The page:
If I was speaking in a conference room that holds about twenty people, then either a whiteboard or a flipchart would be suitable for displaying a limited amount of text to my audience.
Suppose instead that I wanted to discuss teamwork, and convey that I did not want my co-workers to go off in eight different directions. Then I might want to present a projected image like the one shown above as part of a PowerPoint presentation.
Next I might present another image with all nine of us going in the very same direction (in a very precise diamond formation).
And I might also present an image with one of us putting on the brakes (arrow) in order to line up with a couple others. The three images shown above are of the RCAF Snowbirds, and were taken on October 15 during the Gowen Thunder airshow held at the Boise airport (also known as Gowen Field).
Those images were taken with my Olympus E330 8-Megapixel digital single-lens reflex camera equipped with a 40-to-150-mm zoom lens, as shown above. I was about two miles from the airport control tower, on Cole Road.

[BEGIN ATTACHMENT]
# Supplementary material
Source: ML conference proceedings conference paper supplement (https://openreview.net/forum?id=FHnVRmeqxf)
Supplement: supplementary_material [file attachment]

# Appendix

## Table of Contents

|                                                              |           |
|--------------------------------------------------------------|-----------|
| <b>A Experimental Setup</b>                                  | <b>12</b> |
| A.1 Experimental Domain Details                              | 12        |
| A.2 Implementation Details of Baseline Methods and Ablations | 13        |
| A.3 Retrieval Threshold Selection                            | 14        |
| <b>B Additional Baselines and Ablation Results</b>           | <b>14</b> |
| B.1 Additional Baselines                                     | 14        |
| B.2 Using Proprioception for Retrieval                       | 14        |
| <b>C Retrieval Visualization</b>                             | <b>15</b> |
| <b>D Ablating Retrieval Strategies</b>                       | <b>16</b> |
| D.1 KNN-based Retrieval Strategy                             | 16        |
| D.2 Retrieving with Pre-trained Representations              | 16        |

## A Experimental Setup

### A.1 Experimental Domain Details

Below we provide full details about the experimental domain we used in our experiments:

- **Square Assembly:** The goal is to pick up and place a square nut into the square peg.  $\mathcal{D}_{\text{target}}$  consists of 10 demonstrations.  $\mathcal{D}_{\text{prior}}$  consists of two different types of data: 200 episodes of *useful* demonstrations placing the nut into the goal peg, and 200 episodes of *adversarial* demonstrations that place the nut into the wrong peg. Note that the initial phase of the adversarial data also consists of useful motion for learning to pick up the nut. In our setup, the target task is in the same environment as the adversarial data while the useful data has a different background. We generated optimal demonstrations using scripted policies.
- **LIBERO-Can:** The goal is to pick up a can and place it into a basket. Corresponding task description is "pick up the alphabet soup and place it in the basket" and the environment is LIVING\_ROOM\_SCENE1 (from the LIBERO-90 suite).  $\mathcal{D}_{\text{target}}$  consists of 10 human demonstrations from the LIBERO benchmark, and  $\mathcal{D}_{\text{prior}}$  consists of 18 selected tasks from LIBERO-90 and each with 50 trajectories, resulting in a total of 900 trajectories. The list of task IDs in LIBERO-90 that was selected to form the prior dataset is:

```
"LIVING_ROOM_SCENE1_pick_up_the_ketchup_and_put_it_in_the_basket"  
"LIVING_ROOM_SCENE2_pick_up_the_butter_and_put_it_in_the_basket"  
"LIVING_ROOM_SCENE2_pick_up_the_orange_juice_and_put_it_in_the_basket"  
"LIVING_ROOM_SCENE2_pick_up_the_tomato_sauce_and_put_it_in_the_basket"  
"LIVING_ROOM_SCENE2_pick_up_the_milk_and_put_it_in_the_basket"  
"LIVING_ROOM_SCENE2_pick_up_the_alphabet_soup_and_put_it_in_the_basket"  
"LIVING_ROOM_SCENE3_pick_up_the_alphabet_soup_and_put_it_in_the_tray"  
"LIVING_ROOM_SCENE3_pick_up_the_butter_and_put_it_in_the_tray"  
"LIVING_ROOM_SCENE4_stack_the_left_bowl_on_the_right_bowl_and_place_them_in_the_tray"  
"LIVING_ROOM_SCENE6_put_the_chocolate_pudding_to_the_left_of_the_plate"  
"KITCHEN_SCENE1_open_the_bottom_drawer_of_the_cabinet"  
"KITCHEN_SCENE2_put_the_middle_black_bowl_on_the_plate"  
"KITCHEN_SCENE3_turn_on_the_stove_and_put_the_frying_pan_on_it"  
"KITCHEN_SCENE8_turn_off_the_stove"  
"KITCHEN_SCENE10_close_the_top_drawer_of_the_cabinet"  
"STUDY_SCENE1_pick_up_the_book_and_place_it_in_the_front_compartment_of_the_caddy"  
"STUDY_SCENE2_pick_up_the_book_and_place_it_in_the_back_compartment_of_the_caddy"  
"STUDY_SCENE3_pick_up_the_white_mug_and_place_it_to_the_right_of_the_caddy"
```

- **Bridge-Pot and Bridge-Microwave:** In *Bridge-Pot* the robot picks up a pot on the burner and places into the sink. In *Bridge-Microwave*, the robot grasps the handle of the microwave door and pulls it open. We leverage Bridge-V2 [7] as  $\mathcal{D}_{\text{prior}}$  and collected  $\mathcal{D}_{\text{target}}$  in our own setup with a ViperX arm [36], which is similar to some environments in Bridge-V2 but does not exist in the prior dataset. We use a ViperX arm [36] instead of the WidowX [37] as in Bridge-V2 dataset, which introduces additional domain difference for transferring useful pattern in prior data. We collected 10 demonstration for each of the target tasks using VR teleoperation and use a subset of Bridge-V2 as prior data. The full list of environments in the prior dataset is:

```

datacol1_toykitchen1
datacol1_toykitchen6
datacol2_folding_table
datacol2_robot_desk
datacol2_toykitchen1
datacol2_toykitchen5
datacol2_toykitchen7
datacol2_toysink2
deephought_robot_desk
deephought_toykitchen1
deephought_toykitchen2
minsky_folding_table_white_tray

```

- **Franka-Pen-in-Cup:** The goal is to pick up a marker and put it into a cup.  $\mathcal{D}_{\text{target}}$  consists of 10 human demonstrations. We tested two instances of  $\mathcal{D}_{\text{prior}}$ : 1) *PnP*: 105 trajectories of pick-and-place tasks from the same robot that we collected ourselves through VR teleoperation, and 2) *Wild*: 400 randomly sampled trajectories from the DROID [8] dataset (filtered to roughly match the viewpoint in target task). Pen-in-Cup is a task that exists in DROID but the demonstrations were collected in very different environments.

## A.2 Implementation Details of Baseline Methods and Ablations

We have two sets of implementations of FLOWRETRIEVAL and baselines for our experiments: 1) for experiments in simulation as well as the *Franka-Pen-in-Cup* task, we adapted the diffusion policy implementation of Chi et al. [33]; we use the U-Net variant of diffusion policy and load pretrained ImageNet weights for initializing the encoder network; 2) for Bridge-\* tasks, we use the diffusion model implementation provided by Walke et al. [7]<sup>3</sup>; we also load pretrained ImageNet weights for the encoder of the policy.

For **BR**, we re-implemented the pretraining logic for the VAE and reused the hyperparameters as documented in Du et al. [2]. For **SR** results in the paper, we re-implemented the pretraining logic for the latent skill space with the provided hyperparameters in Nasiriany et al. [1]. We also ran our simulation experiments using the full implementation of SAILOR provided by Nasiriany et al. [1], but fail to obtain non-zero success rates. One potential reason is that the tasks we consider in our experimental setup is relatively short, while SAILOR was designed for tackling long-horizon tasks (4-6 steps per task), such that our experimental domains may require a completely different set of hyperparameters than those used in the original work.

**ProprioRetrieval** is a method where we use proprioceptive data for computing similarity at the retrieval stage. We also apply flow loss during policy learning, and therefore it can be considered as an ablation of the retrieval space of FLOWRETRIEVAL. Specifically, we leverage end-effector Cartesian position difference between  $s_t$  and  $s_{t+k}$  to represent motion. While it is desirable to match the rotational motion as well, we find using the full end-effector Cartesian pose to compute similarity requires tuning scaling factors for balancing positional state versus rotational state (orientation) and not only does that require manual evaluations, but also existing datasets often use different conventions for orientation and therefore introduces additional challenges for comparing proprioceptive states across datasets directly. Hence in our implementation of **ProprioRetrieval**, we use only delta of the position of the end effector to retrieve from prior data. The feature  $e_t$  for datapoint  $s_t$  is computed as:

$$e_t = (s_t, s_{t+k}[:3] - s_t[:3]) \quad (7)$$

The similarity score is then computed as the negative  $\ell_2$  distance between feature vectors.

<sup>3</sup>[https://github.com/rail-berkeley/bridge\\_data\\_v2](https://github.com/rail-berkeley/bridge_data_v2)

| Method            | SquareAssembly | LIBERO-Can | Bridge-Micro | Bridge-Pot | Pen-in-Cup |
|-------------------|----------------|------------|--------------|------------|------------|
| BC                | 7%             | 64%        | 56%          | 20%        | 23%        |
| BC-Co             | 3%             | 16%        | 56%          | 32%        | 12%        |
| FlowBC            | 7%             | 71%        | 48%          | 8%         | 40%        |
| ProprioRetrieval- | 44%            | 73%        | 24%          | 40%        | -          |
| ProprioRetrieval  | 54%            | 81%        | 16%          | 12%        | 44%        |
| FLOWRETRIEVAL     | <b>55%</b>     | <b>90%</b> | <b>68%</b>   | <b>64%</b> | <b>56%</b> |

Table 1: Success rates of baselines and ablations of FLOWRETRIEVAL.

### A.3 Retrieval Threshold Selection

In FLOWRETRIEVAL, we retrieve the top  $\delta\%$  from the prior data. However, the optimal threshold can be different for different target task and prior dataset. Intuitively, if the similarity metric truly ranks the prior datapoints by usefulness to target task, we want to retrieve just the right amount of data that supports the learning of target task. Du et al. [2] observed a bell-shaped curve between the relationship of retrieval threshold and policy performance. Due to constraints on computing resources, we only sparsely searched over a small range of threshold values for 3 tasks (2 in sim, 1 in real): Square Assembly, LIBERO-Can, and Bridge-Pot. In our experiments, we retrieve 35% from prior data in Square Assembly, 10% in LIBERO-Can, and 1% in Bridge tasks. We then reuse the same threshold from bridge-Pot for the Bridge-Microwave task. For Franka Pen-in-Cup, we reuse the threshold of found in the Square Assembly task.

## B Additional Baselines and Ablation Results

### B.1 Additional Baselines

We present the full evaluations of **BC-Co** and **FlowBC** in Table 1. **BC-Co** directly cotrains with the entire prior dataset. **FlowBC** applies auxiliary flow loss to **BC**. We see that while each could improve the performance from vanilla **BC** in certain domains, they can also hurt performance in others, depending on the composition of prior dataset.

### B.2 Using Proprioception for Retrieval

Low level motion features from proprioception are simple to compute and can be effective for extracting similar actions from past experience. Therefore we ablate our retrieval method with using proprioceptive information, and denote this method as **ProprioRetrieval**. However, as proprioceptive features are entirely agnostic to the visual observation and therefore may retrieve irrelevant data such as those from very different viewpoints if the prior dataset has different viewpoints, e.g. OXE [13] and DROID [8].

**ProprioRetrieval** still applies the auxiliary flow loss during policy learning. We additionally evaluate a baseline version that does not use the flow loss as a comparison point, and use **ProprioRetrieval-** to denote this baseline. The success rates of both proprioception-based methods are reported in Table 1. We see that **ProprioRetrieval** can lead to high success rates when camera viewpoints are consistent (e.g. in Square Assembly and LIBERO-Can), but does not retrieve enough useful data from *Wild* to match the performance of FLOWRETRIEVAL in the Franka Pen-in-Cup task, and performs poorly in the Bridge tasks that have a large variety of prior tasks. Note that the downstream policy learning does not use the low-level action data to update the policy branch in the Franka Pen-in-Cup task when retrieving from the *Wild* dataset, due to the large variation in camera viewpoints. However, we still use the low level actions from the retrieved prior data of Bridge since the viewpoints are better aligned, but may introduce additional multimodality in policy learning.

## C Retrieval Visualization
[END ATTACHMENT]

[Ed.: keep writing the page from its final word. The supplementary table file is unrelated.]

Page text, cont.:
The United States Air Force Thunderbirds also were there, and a bottom view of one of their four-plane formations is shown from about a mile away. The camera was hand-held, with both elbows braced against my chest. Photographing the Thunderbirds F-16 fighters going perhaps 400 mph is much more challenging than photographing hot air balloons, as I blogged about back on August 30, 2012 in a post titled After all… tomorrow is another day.
Those balloons were moving slowly enough that I could probably instead have used a little, pocket-sized Nikon Coolpix L110 camera which later bought and more commonly carry. The Coolpix has an LCD viewfinder, and a shutter lag of a few tenths of a second, which is completely unacceptable for catching fast- moving F-16s. But for most subjects it is far easier to use than the E330. The E330 runs on lithium-ion rechargeable battery, and I have to remember to take a charged-up spare along with me. The Coolpix runs on four AA penlight batteries which can be purchased almost anywhere if I forget to take along a spare set.